Seal of Texas Judicial Branch | txcourts.gov
HOUSTON - The Texas First District Court of Appeals has affirmed a lower court’s ruling that dismissed declaratory judgment claims sought against the Village of Surfside Beach and the State of Texas by multiple appellants.
In their 31-page ruling, the Court affirmed the 239th District Court’s ruling that the State did have jurisdiction over this case. For one, it was up to the appellants to prove that the state lacked jurisdiction. Also, that the Texas Open Beaches Act contains a provision allowing for declaratory judgement. Specifically, the law states that the State shall allow for, “the public shall have the free and unrestricted right of ingress and egress to the larger area extending from the line of mean low tide to the line of vegetation bordering on the Gulf of Mexico.”
The Court acknowledged that this was nearly a twenty-year-old case that started in 1998 after Tropical Storm Frances. The storm caused a vegetation line to shift, which caused houses that had originally been behind the vegetation line to now be between it and the water. The Village would not allow the houses to be fixed or rebuilt. It also prohibited the home to access to utility services. In addition, the State of Texas said that the houses now “encroached on a public beach access easement and must be moved.”
The Court said that the lower court had “correctly determined that it lacked jurisdiction over the declaratory judgment claims.” Some of the appellants had sold their homes before they had filed their lawsuit, or “they were not littoral owners of the subject property.” Additionally, several properties in question had been completely submerged in the flooding. This meant that, under the law, they were now owned by the State of Texas.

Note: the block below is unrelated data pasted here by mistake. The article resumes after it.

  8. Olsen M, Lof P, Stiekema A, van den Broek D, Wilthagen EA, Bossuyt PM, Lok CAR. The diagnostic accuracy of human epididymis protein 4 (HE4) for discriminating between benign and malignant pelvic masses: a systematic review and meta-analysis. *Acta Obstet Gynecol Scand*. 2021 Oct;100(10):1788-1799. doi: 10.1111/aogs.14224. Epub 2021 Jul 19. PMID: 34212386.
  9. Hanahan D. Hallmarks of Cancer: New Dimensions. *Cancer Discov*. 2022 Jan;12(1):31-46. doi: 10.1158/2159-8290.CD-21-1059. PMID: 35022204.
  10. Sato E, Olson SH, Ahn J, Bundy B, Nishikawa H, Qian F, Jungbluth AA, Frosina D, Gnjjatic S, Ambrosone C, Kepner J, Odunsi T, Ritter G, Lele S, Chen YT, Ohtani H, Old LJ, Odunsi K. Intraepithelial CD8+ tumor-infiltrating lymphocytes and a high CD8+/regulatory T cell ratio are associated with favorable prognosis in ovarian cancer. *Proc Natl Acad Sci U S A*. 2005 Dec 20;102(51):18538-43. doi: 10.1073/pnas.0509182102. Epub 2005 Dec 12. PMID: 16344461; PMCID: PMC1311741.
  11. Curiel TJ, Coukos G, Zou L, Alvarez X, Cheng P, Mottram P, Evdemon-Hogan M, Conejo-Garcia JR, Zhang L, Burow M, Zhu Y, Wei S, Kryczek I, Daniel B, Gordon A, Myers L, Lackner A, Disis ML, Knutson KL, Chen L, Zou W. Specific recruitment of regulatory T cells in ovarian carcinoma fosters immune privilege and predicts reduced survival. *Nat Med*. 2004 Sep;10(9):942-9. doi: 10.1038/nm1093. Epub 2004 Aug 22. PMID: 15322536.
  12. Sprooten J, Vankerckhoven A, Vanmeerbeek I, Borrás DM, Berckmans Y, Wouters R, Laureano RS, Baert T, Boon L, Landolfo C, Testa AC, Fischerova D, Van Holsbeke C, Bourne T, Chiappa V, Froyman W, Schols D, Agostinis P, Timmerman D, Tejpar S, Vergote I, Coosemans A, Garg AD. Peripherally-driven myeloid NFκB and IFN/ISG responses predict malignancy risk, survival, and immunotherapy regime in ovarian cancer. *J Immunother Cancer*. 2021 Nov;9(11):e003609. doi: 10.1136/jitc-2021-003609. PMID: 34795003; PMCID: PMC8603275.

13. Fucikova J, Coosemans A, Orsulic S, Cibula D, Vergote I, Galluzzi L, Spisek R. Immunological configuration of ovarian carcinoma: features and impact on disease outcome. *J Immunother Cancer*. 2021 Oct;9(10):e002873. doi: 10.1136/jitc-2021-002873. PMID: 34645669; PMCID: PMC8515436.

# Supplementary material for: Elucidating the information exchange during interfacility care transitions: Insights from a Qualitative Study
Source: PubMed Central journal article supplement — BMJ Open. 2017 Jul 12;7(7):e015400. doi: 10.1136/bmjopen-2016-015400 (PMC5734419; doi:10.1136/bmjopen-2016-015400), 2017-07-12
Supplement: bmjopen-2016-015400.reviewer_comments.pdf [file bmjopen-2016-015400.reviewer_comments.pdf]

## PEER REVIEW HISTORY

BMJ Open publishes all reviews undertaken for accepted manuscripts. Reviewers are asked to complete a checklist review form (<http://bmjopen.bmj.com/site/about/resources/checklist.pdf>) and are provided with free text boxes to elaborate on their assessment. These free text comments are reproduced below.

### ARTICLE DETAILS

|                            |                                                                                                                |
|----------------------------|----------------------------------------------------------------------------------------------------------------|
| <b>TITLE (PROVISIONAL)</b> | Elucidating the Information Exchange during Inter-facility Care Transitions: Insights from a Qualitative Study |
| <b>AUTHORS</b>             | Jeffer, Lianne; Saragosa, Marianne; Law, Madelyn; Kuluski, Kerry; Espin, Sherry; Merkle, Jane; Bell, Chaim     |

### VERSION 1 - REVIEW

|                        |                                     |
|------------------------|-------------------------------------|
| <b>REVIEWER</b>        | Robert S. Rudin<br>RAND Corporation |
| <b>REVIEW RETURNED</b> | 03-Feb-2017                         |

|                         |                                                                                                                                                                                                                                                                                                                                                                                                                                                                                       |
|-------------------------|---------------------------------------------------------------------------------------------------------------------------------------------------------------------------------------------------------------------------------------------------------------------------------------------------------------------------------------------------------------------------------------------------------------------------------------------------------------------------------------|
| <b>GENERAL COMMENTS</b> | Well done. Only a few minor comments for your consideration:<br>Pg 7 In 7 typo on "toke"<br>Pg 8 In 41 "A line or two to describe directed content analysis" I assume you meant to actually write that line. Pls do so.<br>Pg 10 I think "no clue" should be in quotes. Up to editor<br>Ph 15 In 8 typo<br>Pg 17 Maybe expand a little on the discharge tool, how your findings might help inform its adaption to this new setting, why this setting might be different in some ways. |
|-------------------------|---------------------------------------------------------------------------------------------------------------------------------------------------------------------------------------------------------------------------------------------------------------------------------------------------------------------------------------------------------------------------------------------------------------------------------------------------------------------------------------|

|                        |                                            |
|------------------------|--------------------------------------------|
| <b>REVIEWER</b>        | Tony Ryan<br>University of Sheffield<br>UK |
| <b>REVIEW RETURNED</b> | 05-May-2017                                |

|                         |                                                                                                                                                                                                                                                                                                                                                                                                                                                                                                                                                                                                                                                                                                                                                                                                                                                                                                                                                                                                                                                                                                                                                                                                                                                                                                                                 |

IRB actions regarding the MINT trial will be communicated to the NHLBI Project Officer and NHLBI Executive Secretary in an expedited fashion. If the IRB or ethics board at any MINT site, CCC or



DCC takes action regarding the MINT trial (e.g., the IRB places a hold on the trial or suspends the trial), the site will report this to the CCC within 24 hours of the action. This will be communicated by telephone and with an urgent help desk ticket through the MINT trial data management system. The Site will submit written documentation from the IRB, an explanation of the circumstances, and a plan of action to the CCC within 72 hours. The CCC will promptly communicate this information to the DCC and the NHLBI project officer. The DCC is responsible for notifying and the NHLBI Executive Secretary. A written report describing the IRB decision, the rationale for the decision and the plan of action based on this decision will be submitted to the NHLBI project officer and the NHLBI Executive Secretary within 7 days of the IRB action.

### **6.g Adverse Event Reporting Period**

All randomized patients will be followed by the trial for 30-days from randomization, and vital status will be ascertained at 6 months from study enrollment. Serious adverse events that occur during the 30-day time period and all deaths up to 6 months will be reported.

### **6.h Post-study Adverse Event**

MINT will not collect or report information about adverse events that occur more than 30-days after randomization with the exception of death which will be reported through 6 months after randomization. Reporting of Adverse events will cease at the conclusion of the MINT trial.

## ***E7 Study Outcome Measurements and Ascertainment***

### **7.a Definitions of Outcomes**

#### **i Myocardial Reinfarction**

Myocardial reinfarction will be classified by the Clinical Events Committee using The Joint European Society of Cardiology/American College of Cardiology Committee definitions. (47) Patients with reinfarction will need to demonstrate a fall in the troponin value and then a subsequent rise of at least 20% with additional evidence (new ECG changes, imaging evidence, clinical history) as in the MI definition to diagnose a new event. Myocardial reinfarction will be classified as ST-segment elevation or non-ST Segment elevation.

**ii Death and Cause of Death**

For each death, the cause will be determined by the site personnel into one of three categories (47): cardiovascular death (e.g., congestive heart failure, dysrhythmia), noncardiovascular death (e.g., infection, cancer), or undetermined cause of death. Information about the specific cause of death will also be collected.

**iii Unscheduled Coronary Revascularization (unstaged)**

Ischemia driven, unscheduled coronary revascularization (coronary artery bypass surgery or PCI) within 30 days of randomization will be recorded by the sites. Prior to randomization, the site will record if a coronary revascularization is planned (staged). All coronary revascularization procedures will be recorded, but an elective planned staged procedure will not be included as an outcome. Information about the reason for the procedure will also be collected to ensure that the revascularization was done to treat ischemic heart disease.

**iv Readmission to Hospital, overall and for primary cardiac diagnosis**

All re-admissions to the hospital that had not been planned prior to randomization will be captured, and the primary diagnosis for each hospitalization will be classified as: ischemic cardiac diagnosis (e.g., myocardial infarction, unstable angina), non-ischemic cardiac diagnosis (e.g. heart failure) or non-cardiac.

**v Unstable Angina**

Two concurring opinions were issued in regard to this case. The first was by Justice Gordon Goodman, who did affirm the Court’s ruling. However, he noted that “Texas beaches are steadily shrinking at an alarming rate.” He went on to say that the “courts cannot fully adjudicate claims before they become moot, leaving beach-use rights uncertain for both landowners and beachgoers.” The second concurring opinion was by Justice Evelyn V. Keyes. She wrote that she “reluctantly” concurred with the Court’s decision.
In both opinions, the case of Severance v. Patterson, which was decided by the Texas Supreme Court, was an issue. The Court had said that “the requested declarations that related to easements are moot because the State defendants abandoned all claims for easement on the appellants’ property after the Supreme Court’s ruling in Severance.
Residents of the homes in question sued in 2001, saying that what Texas had done would be a “constitutionally compensable taking of their property,” according to the suite Brannan v. State. Before the storm, there had been an easement allowing for the public to access the beach. Afterward, that easement had shifted onto the private properties in question due to erosion and shifting shoreline due to the effects of the storm.
The Court issued its ruling on Nov. 21.